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The joys of train travel in China

Don’t be daunted by trains, stations and logistical stress. A train journey can be the highlight of a China backpacking adventure – if travellers go into it with the right mindset.

Everyone travelling through China will at some point in their journey encounter what I call their “China moment”. It’s an instance when the cultural and linguistic barriers seem insurmountable; when the weight of a billion-plus citizens sits on your shoulders; when you feel tiny and insignificant, and for a few seconds you question your sanity and wonder why you didn’t book a month backpacking in South-East Asia.

The Great Wall of characters

For many people, their “China moment” arrives at a train station. Picture this: you’re standing in the main concourse of Xi’an Railway Station. Commuters brush past you, head down at top speed – as commuters tend to do everywhere – utterly oblivious to your presence. Families dragging enormous canvas bags full of food and clothes or presents for relatives back home walk past at a slightly slower pace, encumbered by their luggage. The announcements – all in Mandarin – come thick and fast over the tannoy. You feel like the most anonymous foreigner in China.

All around you people surge past, knowing where they need to be and when. Now it’s your turn, so you look up at the boards. And it’s then that you realise the only thing you can make sense of is the digital clock telling you the time. It’s just a wall – a great wall – of Chinese characters. And somewhere in those hundreds of characters are the two that, when put together, spell the name of your destination. After ten minutes of searching, you think you’ve found it but then you remember you’ve bought tickets for the express train. But you don’t speak Chinese, and you don’t know the characters for “express” and so the futility of your efforts starts to sink in.

This is often when the “China moment” kicks in. There are a few minutes of panic, then nervous laughter or righteous anger, then the moment subsides and the brain is back on an even keel. Backpackers are a resourceful bunch and that resourceful instinct tends to pull us through most situations – even in Chinese train stations.

Think different(ly)

In fact, this whole train station scenario deserves rethinking. Because far from being a regular source of tantrums or panics, many of us at The Dragon Trip reckon train travel can be a highlight of any China backpacking tour and culturally very rewarding. It’s all a question of mindset.

Try thinking of it this way: you will be sitting with, or bunking up next to, the truest cross-section of Chinese society. Train travel is still the fastest and most affordable way of getting around in China, so almost everyone uses trains – not just backpackers on a budget. You will encounter students, businessmen, farmers, coal miners, factory workers, the elderly and the young. It’s a microcosm of this vast and surprisingly diverse country. People watching doesn’t get much better. If you’re learning Mandarin, it’s a fantastic opportunity to get chatting; equally, a Chinese person learning English may think exactly the same thing and approach you first for a chat.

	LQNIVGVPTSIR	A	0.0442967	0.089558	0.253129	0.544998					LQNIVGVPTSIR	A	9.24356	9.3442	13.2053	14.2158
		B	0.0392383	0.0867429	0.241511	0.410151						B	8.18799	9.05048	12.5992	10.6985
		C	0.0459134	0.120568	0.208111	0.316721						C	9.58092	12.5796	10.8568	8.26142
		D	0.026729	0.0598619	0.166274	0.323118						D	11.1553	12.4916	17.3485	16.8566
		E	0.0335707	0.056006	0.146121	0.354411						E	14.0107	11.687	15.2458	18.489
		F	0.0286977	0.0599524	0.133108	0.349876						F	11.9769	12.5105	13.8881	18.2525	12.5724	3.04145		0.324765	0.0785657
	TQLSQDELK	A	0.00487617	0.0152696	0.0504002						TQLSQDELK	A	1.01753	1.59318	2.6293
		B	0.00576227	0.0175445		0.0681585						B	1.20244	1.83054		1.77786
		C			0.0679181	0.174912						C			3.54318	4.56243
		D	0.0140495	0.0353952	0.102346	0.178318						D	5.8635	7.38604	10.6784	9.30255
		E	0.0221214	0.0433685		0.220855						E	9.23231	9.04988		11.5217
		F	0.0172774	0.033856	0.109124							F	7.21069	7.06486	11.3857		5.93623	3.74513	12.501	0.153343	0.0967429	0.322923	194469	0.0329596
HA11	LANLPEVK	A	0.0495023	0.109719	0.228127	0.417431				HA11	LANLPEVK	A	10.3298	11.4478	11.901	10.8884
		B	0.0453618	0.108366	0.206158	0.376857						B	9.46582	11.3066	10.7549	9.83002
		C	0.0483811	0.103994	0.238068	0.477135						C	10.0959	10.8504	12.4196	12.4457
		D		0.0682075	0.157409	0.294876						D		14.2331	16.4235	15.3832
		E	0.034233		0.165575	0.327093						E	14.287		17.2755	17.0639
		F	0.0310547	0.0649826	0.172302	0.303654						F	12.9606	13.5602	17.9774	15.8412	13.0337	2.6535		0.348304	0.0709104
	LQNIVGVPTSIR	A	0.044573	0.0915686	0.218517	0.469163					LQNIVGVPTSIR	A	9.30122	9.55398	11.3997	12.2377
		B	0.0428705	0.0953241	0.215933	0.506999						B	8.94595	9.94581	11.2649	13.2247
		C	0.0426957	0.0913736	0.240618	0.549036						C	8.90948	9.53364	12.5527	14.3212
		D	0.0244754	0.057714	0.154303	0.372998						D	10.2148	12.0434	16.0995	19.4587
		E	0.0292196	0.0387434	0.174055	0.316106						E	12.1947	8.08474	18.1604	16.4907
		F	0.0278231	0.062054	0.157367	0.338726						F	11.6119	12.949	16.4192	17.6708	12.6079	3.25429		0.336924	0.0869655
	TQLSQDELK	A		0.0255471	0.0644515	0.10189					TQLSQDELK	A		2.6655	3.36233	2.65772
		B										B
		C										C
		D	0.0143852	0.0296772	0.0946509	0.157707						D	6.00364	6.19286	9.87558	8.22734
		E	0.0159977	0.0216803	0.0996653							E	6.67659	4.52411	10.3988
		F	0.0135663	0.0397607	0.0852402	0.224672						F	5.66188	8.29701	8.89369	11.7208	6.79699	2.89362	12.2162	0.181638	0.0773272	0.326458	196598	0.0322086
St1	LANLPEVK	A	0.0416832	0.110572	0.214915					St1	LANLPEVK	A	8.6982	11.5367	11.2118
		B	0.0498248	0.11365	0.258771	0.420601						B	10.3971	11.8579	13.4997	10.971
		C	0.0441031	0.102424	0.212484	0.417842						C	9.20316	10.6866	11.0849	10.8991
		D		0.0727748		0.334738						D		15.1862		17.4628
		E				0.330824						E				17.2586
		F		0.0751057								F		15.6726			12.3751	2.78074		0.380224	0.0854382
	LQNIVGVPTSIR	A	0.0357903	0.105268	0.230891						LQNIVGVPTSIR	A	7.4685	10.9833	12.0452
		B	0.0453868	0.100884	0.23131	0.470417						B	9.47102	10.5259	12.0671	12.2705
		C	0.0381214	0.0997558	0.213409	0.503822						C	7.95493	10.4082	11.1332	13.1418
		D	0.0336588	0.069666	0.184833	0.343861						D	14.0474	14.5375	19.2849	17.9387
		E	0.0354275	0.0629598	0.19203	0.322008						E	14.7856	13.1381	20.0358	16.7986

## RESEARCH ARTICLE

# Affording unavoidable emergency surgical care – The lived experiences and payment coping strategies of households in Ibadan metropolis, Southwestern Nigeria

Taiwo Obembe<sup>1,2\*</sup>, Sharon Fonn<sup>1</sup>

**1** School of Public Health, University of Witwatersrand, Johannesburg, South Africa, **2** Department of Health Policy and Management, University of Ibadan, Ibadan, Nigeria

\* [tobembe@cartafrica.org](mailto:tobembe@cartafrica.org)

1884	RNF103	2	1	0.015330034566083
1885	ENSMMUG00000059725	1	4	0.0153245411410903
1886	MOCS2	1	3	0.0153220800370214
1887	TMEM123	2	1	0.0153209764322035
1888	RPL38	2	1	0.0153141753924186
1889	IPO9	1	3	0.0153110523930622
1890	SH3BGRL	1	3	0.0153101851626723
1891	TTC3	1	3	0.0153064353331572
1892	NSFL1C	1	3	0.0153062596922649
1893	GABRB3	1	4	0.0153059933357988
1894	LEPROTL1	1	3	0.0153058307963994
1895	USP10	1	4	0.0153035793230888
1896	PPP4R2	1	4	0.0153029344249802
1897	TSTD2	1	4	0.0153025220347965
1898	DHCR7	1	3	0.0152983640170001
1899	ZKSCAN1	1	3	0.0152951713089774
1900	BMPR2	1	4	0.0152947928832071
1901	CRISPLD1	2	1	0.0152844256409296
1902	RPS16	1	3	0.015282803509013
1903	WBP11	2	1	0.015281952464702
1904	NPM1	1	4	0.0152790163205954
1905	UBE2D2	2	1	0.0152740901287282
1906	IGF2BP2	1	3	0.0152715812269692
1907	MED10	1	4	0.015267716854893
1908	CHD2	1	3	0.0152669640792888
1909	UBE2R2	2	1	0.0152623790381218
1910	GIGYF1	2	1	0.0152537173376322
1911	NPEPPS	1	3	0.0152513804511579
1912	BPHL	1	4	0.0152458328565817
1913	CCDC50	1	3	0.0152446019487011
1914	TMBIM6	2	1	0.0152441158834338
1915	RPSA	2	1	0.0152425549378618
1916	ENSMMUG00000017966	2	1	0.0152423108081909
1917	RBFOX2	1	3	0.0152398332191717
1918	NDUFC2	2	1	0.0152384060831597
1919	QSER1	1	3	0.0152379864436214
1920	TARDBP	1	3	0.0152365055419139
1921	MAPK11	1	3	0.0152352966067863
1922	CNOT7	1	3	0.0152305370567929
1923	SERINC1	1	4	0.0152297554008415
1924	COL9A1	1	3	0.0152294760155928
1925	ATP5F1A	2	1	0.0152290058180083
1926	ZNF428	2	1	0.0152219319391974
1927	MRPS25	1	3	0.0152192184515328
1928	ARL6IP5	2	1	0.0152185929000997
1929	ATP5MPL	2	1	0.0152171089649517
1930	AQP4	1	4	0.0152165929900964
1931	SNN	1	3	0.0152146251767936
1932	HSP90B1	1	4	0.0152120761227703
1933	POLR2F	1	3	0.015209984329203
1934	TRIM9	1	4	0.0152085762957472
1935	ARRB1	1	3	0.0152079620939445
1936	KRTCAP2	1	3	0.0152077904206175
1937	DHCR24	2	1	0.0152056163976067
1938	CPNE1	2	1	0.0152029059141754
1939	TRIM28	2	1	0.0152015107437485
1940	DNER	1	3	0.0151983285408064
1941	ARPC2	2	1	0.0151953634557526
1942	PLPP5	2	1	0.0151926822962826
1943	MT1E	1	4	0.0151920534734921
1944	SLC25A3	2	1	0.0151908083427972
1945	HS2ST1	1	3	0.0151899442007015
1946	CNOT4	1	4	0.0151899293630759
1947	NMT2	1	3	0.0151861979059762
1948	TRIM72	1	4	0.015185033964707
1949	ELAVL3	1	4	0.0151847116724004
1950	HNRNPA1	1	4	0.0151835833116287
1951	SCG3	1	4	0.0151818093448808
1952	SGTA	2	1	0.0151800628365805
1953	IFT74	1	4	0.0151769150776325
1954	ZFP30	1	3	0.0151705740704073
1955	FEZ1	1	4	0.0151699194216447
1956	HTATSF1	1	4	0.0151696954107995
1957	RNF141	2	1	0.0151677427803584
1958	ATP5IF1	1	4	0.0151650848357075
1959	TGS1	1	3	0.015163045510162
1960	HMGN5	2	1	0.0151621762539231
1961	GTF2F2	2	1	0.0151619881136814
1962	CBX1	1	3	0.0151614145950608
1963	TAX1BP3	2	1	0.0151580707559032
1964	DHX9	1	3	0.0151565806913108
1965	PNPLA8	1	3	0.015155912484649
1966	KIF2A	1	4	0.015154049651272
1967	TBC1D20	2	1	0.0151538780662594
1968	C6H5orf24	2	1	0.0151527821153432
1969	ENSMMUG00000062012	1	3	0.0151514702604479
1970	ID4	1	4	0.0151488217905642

There is also a unique camaraderie on Chinese trains. It isn’t a loud and jovial sort of camaraderie, but because everyone is in such close proximity to each other for many hours, the normal boundaries of privacy are temporarily suspended. I don’t mean this in a nudist, free-for-all way, but it is not uncommon for people to share seats with those with standing tickets, to help people struggling to carry their bags, to share some food, to chat with those around them. In a country brimming with intense individual ambition, trains can reveal China’s softer side.

Pack noodles

Finally, embracing Chinese train rituals is great fun. Each carriage has a hot water dispenser that serves as the focal point for most Chinese passengers. They will regularly head to the dispenser to refill their tea flasks and cook their fangbian mian – instant noodles. Even on long journeys passengers will rarely eat anything but these noodles which come in an endless variety of flavours. So before your journey, buy yourself a flask and stock up on noodles for breakfast, lunch and dinner. And then head straight for the hot water dispenser. Who knows who’ll you meet or what experience awaits…

You’ll experience the delights of China’s trains on all our China adventure tours. Of course, we book the tickets and remove all the hassle – so just sit back, relax and enjoy!

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Joe

About Joseph McDevitt

Joe spent a year in China trying to get to grips with Mandarin while travelling as much as he could between language classes. He loves the mountains of Sichuan province and controversially prefers hotpot in Chengdu to Chongqing. Despite spending 6 months in Sichuan, he has still never hugged a panda.

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